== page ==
After Rolling Stone Debacle, Will Sexual Assault Survivors Trust the Media?

“It does make it harder for victims of sexual assault to come forward,” sexual assault survivor Kelly Hettick tells TheWrap

Last Updated: April 10, 2015 @ 9:04 AM

As the media focuses on the fallout from Rolling Stone’s debacle surrounding its erroneous “A Rape on Campus,” and the future of the magazine, another consequence comes into focus: the relationship between sexual assault victims and the media.

Rolling Stone’s failed attempt to accurately put the spotlight on the serious issue of campus sexual assault surely won’t prevent other news outlets from digging into the subject.

It just remains unclear if victims will want to talk to them.

“It does make it harder for victims of sexual assault to come forward,” Kelly Hettick, who was a victim of sexual assault at Seattle University told TheWrap.

Hettick, who says she was raped at a college dorm party while heavy drinking and partying was going on, said the Rolling Stone mess just adds another layer of difficulty for assault victims.

“We work so hard as victims to legitimize what happened to us that this [trusting the media] is just another step in the process that we have to question,” she said. “Am I remembering every single detail correctly? Is someone going to come in and pick apart my story and find something that was wrong, or find something that I did wrong, or find a mistake or error?”

“It does make us, as victims, not want to trust the media, especially when we’re putting our personal information out there and it’s being scrutinized,” she said.

Whether the Rolling Stone accuser — “Jackie” — was telling the truth, half the truth, or lying, isn’t really the point, Kelly said. Whatever the case, Rolling Stone’s poor handling of the story gives a “bad rap to victims.”

“Not that many people lie about rape — it’s very embarrassing to come out and say you’ve been raped … it’s a terrible process with school officials and police,” she said. In fact, recent data shows shows between two and eight percent of rape accusations are false.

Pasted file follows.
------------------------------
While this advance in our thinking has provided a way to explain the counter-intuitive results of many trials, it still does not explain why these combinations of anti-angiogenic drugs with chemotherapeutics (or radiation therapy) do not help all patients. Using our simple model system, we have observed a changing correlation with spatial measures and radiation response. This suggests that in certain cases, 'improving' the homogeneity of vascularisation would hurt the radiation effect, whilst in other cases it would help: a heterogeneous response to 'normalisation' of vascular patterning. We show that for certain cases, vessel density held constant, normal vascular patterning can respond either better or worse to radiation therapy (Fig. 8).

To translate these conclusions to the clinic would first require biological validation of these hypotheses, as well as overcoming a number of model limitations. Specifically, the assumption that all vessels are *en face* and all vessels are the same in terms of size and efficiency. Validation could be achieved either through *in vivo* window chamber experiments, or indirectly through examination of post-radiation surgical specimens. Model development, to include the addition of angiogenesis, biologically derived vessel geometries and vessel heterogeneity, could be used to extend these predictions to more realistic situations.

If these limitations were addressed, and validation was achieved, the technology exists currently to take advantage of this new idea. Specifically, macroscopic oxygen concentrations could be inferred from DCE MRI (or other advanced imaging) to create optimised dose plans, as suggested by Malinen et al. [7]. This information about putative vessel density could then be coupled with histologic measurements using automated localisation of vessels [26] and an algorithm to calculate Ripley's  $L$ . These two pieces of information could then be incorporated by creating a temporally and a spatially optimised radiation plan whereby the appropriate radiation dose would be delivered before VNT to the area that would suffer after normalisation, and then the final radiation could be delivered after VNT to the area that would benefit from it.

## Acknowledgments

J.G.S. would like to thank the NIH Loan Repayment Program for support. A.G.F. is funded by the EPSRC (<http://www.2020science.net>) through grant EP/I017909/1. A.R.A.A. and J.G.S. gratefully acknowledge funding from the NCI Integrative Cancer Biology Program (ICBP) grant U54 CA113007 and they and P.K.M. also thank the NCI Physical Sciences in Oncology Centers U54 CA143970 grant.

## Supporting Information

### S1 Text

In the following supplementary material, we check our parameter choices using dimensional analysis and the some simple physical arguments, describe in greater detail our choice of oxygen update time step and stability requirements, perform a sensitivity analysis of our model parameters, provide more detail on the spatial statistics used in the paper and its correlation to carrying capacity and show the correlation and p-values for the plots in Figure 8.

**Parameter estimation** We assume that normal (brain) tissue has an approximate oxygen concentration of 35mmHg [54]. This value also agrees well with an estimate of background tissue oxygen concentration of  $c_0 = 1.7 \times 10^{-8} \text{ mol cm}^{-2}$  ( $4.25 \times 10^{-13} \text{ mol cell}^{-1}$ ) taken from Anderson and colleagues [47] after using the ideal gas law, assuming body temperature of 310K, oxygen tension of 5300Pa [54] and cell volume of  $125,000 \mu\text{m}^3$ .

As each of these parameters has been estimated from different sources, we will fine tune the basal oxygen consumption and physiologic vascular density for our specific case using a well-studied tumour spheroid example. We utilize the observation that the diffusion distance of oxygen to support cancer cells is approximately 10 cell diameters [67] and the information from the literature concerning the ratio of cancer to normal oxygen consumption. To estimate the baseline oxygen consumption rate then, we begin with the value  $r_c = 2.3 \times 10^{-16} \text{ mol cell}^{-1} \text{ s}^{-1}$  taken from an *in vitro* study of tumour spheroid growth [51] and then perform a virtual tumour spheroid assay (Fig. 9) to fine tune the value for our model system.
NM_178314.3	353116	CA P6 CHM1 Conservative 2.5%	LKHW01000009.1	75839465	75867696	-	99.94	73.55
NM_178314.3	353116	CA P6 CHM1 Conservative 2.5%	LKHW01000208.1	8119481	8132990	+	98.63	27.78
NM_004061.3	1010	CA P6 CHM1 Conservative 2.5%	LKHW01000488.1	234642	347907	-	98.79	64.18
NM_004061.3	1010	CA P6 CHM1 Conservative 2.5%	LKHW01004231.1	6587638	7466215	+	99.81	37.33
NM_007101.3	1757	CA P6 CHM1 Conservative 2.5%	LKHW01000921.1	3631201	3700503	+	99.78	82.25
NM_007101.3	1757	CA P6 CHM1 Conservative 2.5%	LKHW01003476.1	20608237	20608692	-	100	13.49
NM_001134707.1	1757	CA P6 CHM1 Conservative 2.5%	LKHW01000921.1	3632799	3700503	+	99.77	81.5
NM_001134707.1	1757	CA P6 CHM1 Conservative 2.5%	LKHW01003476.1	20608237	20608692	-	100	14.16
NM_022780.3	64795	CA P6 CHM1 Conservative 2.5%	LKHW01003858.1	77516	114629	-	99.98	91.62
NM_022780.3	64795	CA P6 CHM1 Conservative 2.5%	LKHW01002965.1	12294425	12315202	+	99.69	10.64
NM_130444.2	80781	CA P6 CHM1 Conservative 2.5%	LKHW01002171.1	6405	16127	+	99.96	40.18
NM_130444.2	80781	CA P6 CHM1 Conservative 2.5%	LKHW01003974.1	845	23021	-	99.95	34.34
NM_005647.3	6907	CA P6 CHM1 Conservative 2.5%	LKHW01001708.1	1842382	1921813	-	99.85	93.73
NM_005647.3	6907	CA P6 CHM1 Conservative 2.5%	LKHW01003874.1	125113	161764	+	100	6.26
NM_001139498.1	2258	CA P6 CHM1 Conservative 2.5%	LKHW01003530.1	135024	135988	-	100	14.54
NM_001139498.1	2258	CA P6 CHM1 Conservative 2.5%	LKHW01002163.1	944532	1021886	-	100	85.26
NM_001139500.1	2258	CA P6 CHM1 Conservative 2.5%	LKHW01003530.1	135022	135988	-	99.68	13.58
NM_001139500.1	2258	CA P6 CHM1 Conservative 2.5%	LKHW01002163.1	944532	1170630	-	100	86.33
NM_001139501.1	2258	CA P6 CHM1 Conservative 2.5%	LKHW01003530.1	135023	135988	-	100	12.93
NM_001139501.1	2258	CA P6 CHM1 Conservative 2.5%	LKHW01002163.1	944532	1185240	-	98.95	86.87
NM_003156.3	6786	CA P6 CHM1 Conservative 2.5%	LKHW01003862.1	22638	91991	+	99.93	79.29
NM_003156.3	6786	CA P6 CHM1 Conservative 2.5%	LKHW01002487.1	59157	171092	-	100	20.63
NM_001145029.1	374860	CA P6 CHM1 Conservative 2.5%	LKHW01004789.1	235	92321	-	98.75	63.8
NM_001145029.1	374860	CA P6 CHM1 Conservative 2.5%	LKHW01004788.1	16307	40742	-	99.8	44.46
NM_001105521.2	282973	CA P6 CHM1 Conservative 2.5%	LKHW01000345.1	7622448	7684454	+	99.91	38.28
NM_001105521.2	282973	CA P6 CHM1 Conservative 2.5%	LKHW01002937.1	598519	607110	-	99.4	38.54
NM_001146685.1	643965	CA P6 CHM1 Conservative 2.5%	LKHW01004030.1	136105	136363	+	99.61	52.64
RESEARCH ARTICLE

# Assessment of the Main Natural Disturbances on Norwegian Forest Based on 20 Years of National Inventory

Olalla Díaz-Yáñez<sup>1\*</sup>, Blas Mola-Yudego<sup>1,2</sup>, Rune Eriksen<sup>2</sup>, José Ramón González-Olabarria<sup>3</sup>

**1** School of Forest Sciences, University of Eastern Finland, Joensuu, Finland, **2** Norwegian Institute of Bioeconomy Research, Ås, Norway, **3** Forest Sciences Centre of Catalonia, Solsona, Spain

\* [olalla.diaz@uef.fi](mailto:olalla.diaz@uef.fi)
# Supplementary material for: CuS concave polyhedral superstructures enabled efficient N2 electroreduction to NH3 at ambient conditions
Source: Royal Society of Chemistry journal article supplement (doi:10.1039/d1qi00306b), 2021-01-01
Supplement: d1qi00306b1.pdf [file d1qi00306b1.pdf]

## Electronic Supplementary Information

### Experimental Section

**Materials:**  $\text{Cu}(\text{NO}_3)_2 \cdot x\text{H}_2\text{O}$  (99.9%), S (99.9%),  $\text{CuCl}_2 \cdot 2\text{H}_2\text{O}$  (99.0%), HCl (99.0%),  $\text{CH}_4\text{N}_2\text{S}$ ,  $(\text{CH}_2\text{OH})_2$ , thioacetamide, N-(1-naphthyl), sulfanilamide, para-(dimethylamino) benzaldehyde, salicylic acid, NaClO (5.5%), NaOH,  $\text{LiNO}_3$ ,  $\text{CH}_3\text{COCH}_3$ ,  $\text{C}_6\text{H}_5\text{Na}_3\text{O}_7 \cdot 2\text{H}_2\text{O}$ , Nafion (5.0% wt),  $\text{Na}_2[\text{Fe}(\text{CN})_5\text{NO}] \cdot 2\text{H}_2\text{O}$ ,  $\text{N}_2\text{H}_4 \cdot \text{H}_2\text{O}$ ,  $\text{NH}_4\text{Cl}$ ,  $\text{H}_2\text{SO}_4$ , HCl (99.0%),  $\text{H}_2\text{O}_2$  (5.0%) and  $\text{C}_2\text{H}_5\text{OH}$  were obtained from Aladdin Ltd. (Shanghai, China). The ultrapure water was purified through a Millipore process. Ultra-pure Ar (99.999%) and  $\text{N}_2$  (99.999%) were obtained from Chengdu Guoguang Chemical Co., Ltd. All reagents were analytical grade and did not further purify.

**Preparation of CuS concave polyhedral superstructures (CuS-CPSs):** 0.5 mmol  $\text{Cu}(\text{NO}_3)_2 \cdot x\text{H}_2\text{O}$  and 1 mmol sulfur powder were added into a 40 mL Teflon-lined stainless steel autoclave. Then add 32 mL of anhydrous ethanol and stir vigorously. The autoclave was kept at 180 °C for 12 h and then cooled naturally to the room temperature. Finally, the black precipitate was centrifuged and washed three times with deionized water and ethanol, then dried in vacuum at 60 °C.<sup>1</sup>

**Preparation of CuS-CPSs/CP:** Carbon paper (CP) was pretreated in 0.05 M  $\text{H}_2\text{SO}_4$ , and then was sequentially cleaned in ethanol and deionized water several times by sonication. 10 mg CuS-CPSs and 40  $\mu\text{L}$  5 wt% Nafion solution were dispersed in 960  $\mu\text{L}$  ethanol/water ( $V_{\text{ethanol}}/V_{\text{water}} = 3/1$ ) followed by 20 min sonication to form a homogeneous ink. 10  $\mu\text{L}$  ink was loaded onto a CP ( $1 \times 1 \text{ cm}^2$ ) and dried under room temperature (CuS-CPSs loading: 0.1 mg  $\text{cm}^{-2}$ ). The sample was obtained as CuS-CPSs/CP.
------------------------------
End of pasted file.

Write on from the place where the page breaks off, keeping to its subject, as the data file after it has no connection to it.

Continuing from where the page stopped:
If a victim doesn’t want to give the name of the perpetrator or key details, a reporter shouldn’t rush to print it, but instead try to speak to more victims that are more open on details — a decision Rolling Stone reporter Sabrina Rubin Erdely decided against.

Scott Berkowitz, president of RAINN (Rape, Abuse, and Incest National Network), is hopeful Rolling Stone’s story doesn’t have a negative impact, but the fallout from the magazine’s mistakes might cause victims to fear reporters being more aggressive with them and more doubtful of their stories.

“There’s a risk that it has a negative effect long term,” he said. “Most reporters we deal with try and present some balance and try and make the effort to get quotes from both sides.”

In the case of Rolling Stone’s story, Erdely’s lack of contact with the accuser’s friends or the male students accused of the gang rape was the biggest red flag that led to other glaring mistakes and holes in the story.

Another sexual assault survivor, Harmony Reid, who says she was raped at Plymouth University in 2006 by a fellow student, told TheWrap most survivors are blurry on their attacks — a fact reporters should take into account when weighing how aggressively to push them.

“It’s important to remember that survivors don’t always remember all of the details,” she said. “When you have gone through a traumatic experience, it’s very difficult to remember everything in chronological order and remember all the facts — that is the truth when it comes to being a survivor.”

Reid knows from personal experience, as according to her, when she was questioned by New Hampshire police, handcuffs were thrown in front of her by an officer who accused her of lying.

“When you speak to a survivor … go at their pace, and while it may seem like a survivor is bouncing around in the story or something doesn’t seem right, it may not be because they’re making up the story or it’s not true; it might be that the details are not in order.”

Patience is a virtue, Reid advised journalists, and if their gut tells them something doesn’t seem right, it’s fine to follow up, but in a compassionate tone that’s trying to verify the facts instead of an interrogation.

“From personal experience, I’ve had reporters seem very compassionate and then spin the story on me. ‘Hey wait a minute … you didn’t get the facts wrong, but you definitely got the sensation of the story wrong,'” Reid recounted telling one reporter.

She worries that the Rolling Stone story will make a lot of survivors hesitant: “I think a lot of survivors who saw the article are a little bit leery about ‘Oh my goodness I want to speak out about what happened, but what if no one believes me?”

“As a survivor, you’re trying to give as many details as possible with as little words,” she said.  “I’m sure many survivors, when they see articles like that, do get nervous … it can be extremely hard for them coming forward that they’re going to be believed.”

After Columbia School of Journalism released its 12,866-word review of Rolling Stone’s story, which found “institutional failure” in the reporting process, publisher Jann S. Wenner said no one involved with the erroneous story will be fired.

RAINN helped facilitate TheWrap’s interviews with both sexual assault survivors featured in this story. The survivors’ views don’t represent RAINN.

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